Evidently, co-sleeping peaks worldwide between the ages of two and five because co-sleeping is easier than fighting with your toddler all night long. And according to Elizabeth Pantley, author of the No-Cry Sleep Solution, approximately 50% of kids wake up at least once a night even after the age of two. So I know I’m not alone. But it sure feels like I’m alone a lot of the time as I think that many parents are embarrassed to admit that their toddler has sleep issues.


For those of you whose toddlers sleep well, I am grateful but envious. For those of you who are struggling with sleepless toddlers, you have all of my empathy. For those of you looking for solutions—I am supposed to tell you how I do it, after all!—I’m afraid I don’t have much to offer this time around except a safe place to talk about what your kids’ sleep issues are, what’s worked for you, and what hasn’t. Today, that’s how I do it: by sharing with you and hopefully learning from you as well.

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Sleep has been on my mind lately, namely because I haven’t been getting any. I used to think that when my twin boys reached a certain age, sleep would again return to the blissful stage it was when I was child-free. Unfortunately, that doesn’t seem to be case. Our challenge right now is that the boys start out in their own beds but find their way to our bed. But that’s whole ‘nother story, which I blogged about over here.

The baby sleep stage with two babies (or more) is a challenge, to put it mildly. I found it best to work out a tag-team system with my husband, just as CarrieinAK said in her post earlier this week. My favorite part about this stage is all the inane questions from people without multiples like: Do they wake each other up? (Goodness no! That piercing wail that wakes me from a dead sleep? The other baby sleeps right through it!)

So at risk of stating the obvious, even though that’s sometimes exactly what we all need to restore the sanity, here’s some advice for getting some shut-eye:

1. Baths help. They calm kids down. They signal that the end of the day is near. As exhausted as you are after a full day, and maybe you have already given those kids several baths already depending on how many explosive diaper moments you have had, try doing a bath.

2. Play some music. We have a CD player in our boys’ bedroom that has played the SAME CD for the last four and a half years. God forbid that thing ever gets broken. The music is part of the signal to our guys that it’s time to relax and go to sleep. This is in contrast to whenever we are out of town, where I find the only thing that knocks them out for sleep is to wear them out physically.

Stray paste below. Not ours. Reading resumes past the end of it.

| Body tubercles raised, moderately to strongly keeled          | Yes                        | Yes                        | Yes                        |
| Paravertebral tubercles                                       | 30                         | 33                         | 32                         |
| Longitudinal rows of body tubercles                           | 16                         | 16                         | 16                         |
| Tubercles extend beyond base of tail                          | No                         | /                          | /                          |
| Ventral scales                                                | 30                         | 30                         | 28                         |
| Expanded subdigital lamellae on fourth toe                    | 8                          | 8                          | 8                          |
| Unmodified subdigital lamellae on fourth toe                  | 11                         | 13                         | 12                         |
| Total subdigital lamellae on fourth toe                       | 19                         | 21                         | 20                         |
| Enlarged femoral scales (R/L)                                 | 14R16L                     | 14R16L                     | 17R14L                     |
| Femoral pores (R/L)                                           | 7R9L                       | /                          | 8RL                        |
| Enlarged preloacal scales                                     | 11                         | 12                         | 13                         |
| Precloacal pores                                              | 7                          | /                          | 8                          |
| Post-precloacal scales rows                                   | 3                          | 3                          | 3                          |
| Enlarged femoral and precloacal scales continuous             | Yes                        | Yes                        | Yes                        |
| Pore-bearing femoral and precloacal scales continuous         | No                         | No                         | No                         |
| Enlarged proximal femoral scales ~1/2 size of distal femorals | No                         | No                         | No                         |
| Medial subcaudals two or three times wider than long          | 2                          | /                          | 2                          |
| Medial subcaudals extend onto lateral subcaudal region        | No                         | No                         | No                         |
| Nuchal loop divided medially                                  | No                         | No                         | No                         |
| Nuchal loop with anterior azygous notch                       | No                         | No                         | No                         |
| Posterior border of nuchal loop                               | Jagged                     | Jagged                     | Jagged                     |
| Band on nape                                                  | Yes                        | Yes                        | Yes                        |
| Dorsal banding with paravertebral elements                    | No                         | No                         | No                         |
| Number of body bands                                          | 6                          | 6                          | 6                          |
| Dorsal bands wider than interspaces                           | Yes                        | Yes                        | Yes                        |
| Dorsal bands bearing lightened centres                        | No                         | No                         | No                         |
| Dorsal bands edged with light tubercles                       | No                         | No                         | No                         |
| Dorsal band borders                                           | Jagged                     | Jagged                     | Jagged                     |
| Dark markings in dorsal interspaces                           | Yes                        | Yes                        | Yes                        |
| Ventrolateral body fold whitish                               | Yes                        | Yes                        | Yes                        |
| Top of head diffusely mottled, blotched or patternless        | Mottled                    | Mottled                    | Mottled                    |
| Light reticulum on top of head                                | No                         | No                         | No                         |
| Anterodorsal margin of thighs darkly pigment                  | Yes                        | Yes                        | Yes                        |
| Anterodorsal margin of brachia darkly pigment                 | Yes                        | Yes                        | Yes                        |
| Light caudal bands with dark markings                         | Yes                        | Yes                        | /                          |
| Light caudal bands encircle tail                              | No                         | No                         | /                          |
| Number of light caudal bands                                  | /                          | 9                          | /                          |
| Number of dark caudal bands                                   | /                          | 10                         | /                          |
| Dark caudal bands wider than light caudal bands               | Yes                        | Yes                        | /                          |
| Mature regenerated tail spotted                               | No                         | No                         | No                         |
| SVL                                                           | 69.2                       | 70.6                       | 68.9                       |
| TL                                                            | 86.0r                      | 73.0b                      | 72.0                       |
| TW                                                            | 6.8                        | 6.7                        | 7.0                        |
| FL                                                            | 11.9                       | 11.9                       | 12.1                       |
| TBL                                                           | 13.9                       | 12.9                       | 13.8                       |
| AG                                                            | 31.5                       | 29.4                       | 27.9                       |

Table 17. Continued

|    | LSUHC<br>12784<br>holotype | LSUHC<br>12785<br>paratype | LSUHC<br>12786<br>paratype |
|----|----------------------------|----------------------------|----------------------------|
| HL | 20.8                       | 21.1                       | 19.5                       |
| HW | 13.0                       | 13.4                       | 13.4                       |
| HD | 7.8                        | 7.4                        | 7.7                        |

3. Establish a routine. For older kids (2 and up), it helps to establish a routine. We do a bath, medicine, teeth, books, then lights out. My guys know what’s next, so it helps to keep us going. It doesn’t mean it cuts down on the whining, but at least they know what’s next.

4. Limit the drinks within an hour of bedtime. This is for the older kids again and especially important when you’re working on potty-training. Less liquid in their little bodies means they won’t be up and down quite as much.

5. Don’t listen to anyone. Not even me. Don’t let ANYONE make you feel guilty for doing what works when it comes to getting some sleep. Some families like to sleep in one big bed. Some families have strict lines that cannot be crossed about who sleeps where. You have to do what works for you, your marriage and your kids (and probably in that order).

My husband and I agreed when the boys came home from the NICU to do what works until it stopped working – and then we would try something else. They slept with us for a few months, then they slept in a single crib, then they slept in separate cribs, then they slept in separate rooms, then back to the same room. There were sleepless nights and nights we all slept like logs. And everything in between.

One last piece of advice: don’t ever think, “Okay, we’ve got this thing down. No sweat.” That’s the exact moment when everything will change. Trust me.